Chapter 8: Escapes to Crete and Turkey
AFTER destroyers had embarked the last parties, and the Germans had rounded up their prisoners – chiefly at Kalamata and Navplion – there were many British soldiers at large in Greece, some hundreds of whom contrived to escape to Turkey and elsewhere in the following months and eventually to rejoin their units. It is within the scope of this narrative to record the fate only of the larger Australian parties and of some individuals who were typical of other determined and enterprising escapers.
The largest such groups of Australians belonged to Lieut-Colonel Chilton’s 2/2nd Battalion, most of which was cut off in the Pinios Gorge. During the night of the 18th–19th (ten days before the last large embarkation) that battalion was thrust into the hills above Tempe. Next day many of its scattered parties collected in the foothills of Mount Ossa; at the end of that day Major Cullen,1 of Chilton’s headquarters company, had twelve officers and 140 others, including some of the 21st New Zealand Battalion, under his command. Chilton, however, and the headquarters men who had been with him at dusk the previous day were not among them. Cullen marched his force to the coast near Karitsa hoping to find a naval vessel, but, after two days, the group, by mutual agreement, broke into small parties; the villages were small places of only from six to twenty houses and unable to provide food for large bodies of troops. Cullen had distributed some 200,000 drachmae belonging to the regimental funds among the officers in charge of the small parties and they were thus able to buy food, particularly sheep and pigs – though generally the villagers refused to accept payment.
Most of these men went south, and on 25th April the majority, having reassembled, were ferried by Greeks to Skiathos, whence in stages they sailed in luggers to Chios. Here the people were most hospitable; the women provided a free meal in the public school, and a Greek shipowner, Mr D. G. Limos, lent Cullen and Captain Trousdale2 of the 21st New Zealand Battalion 150,000 drachmae. The Turkish coast was only 10 miles away but, fearing that they would be interned in Turkey, they arranged to join a 150-ton vessel which was leaving for Crete carrying 400 Greek officers and men. On the night of 29th April the ship sailed from Chios amid the cheers of a crowd on the waterfront. It went from island to island, and two days later met a vessel containing another large party including Captain Jackson. Jackson had been captured after the rearguard action at Tolos, mentioned above, but had escaped and reached the coast. There he and others seized a steamer at pistol point, and eventually collected a party of about 280, including about 100 Australians, 100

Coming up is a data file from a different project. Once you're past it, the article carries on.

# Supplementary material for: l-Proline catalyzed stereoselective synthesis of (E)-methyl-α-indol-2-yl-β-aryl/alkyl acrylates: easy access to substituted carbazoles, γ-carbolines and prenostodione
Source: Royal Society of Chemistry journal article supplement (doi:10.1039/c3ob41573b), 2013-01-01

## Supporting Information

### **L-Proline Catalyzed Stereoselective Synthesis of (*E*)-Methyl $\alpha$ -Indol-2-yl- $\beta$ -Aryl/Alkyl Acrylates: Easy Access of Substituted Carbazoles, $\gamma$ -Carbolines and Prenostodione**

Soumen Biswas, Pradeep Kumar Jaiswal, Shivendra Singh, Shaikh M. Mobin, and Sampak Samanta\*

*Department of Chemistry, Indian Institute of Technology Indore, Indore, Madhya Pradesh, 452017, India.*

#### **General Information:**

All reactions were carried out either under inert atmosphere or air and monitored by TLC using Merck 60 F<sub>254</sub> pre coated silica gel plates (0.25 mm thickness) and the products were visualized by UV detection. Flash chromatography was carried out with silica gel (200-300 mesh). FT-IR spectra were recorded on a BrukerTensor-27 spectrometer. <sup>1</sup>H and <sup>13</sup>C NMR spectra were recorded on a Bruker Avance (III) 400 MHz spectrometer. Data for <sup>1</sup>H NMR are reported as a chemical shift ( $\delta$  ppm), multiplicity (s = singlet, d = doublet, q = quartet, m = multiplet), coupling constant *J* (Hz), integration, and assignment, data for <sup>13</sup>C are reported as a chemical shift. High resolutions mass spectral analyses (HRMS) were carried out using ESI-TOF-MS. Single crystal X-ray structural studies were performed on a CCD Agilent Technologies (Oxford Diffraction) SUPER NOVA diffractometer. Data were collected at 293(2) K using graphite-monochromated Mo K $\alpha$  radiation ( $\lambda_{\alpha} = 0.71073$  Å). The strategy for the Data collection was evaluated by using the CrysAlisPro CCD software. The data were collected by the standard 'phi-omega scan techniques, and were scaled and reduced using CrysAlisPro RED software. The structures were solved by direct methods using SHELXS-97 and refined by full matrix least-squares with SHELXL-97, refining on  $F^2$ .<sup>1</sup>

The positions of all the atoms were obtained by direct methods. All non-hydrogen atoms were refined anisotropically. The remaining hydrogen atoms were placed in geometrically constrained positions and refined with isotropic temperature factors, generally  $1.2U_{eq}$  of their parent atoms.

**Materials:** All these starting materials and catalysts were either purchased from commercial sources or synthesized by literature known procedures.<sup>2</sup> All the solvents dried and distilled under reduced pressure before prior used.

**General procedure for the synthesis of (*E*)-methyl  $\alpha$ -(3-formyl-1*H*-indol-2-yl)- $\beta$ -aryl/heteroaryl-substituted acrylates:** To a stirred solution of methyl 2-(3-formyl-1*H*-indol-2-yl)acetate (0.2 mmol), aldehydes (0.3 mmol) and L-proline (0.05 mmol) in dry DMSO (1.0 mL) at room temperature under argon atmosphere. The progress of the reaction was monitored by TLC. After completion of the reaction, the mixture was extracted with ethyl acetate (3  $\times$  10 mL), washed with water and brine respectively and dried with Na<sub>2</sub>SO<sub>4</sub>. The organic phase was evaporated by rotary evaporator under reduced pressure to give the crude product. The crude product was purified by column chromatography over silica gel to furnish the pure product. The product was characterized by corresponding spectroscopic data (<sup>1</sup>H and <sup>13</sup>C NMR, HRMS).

Greeks, and some Communists and Jews. On 4th May both ships sailed for Heraklion in Crete where the passengers landed on 5th May.
Because there was no room for them in the ship, a party of 97, later increased to 133, had been left behind at Chios, under Captain King, of the 2/2nd. The Greek Commandant, the Harbour Master and the Mayor (who had taken over responsibility for the British troops who remained) regretfully told King that there was not enough oil on the island to take a caique to Crete, but they could arrange a caique to Turkey. After making further efforts to obtain a vessel that could make a longer voyage they sailed, with Mr Noel Rees, British Vice-Consul at Chios, to Cesme in Turkey where, after a little hesitation, they were warmly welcomed. With the devoted help of Rees, Colonel Hughes3 – an Australian – and others, they obtained a Greek yacht, the Kalamara, and in it King’s party and another ten officers and men from Mytilene led by Lieutenant Harkness4 sailed through the Italian Dodecanese islands and arrived in Cyprus on the 7th May. Hughes had spent many years in Turkey as an officer of the Imperial War Graves Commission, was persona grata with the Turks and well qualified to take part in the delicate task of organising the escape of prisoners through this neutral, though friendly, country.